Now the student who had opted for the 'Game' menu was seated at the lower end of the table - and during a pause in the conversation Abram noticed that no wine had been served to this man. But he could not see why this should be. He recalled that the Steward this year was a Dr. Noe Arkwright, a senior fellow of the college noted for his inscrutability. Could this omission be some form of penalty imposed upon one choosing from the dishes of meat ? But surely not. For Dr Arkwright was known to be fond of a good wine himself - and it was hardly likely he would give instructions for one of the guests to be deprived in this way. It must be that Abel himself was teetotal.
Waking late next morning, he found a small envelope pushed under his door - and neatly inscribed with his name. It was a note from his tutor, asking to see him at 12 o'clock. He looked at his watch. Already it was 11:40 . Making himself quickly presentable, Abram hurried round to his tutor's set in First Court. He knew Dr Johansen as a busy man. He knocked at the door.
Jean Baptiste Johansen was a fellow of Genesis and a polymath. His relations had expected him to be named after his father, the Rev. Zachary Johansen. But around the time of his birth his father had lost his voice, being obliged to confirm his son's name in writing. Then the family was startled to see the child named Jean. Indeed his Uncle Luke had been much disturbed, asking "So what will this child be ?". For he knew that the Greek equivalent for the French 'Jean' was 'iwannhV'. And in this word he had recognised not an eagle, but an amalgam of the two Hebrew words for a pigeon (or a dove) - and for a serpent.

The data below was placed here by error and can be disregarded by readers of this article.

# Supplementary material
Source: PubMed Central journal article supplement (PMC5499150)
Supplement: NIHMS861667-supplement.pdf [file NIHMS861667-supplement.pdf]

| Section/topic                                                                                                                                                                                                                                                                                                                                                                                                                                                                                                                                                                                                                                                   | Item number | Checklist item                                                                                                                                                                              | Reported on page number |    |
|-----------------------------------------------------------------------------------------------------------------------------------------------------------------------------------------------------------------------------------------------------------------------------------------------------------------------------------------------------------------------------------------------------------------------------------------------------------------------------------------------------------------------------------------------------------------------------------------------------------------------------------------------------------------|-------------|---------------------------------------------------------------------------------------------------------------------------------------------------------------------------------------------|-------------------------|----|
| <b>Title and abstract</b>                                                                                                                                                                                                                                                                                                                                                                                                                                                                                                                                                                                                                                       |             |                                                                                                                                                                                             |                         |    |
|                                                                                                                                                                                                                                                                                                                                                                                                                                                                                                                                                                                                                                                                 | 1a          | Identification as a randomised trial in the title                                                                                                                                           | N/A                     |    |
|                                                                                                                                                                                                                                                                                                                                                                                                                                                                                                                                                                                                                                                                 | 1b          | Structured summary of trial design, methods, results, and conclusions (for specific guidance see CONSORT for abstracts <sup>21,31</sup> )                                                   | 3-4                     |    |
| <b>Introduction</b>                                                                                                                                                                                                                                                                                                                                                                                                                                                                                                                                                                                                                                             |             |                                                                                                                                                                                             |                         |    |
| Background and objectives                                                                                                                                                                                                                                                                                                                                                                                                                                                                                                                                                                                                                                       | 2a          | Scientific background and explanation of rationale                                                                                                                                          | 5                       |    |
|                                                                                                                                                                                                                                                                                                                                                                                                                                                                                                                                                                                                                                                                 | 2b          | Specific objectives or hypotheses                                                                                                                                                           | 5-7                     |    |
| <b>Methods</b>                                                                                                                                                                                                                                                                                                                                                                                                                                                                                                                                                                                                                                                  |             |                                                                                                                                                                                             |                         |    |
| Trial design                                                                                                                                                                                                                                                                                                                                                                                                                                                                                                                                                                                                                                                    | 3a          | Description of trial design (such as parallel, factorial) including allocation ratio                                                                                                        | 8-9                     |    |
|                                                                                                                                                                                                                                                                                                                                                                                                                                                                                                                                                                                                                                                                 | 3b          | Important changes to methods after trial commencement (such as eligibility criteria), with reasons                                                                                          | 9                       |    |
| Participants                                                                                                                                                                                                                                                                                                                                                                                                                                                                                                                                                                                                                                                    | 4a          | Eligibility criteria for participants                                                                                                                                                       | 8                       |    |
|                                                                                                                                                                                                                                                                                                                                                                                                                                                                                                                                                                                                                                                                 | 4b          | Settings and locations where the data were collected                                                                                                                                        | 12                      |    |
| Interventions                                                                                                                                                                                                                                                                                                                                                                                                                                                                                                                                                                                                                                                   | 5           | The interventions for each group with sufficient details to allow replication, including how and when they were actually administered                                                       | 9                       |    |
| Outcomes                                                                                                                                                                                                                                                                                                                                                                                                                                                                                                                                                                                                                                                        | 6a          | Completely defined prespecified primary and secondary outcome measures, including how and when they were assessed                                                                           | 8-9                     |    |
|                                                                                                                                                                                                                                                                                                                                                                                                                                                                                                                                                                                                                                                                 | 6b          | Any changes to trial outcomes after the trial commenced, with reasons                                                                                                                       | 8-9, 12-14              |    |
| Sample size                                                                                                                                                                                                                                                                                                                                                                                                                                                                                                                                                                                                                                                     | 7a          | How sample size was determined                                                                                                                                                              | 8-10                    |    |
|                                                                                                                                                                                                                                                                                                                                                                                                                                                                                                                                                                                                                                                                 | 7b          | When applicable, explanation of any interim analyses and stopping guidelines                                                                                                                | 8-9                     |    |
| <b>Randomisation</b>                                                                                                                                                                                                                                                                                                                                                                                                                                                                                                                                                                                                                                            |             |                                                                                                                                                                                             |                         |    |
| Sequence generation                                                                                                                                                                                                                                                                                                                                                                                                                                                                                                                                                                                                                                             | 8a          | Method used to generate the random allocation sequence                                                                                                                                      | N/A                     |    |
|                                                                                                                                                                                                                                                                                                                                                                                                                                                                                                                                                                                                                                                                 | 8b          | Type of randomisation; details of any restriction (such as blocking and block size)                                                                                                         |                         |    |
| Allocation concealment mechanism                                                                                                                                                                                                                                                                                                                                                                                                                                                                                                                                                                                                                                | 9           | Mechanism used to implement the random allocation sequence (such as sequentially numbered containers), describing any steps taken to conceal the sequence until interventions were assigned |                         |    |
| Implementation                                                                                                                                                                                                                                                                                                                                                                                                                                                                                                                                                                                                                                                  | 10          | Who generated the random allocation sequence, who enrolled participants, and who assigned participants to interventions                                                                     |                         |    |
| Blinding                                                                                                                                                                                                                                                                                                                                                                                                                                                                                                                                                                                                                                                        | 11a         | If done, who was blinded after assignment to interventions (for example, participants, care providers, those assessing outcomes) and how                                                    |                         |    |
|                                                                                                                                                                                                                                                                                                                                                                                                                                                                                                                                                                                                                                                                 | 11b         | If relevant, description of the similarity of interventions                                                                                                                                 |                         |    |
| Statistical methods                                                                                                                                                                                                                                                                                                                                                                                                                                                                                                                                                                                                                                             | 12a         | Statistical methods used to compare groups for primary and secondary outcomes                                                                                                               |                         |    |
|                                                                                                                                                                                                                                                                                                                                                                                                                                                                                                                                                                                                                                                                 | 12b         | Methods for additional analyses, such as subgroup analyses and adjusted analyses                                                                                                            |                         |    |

In his undergraduate days at St John's he had read Natural Sciences - and later turned to engineering. But he read Greek and was a lifelong student of scripture. After some years in industry he had returned to Cambridge to teach. Fourier analysis, pattern recognition and image processing were amongst the several topics with which he was familiar. But he knew also the significance of the evidence about 'Jesus the Nazarene' given within the stories of scripture by his namesake, the Baptist.
He made Abram comfortable and fixed him up with a tonic and lemon. Duties were not always pleasant. But they had to be attended to - and alcohol so often clouded the mind. "Wrangler", he said, "I have some bad news for you". Instantly Abram was worried. More than that, he was very worried. What could it be ? He had not expected this. Dr Johansen had always been so encouraging.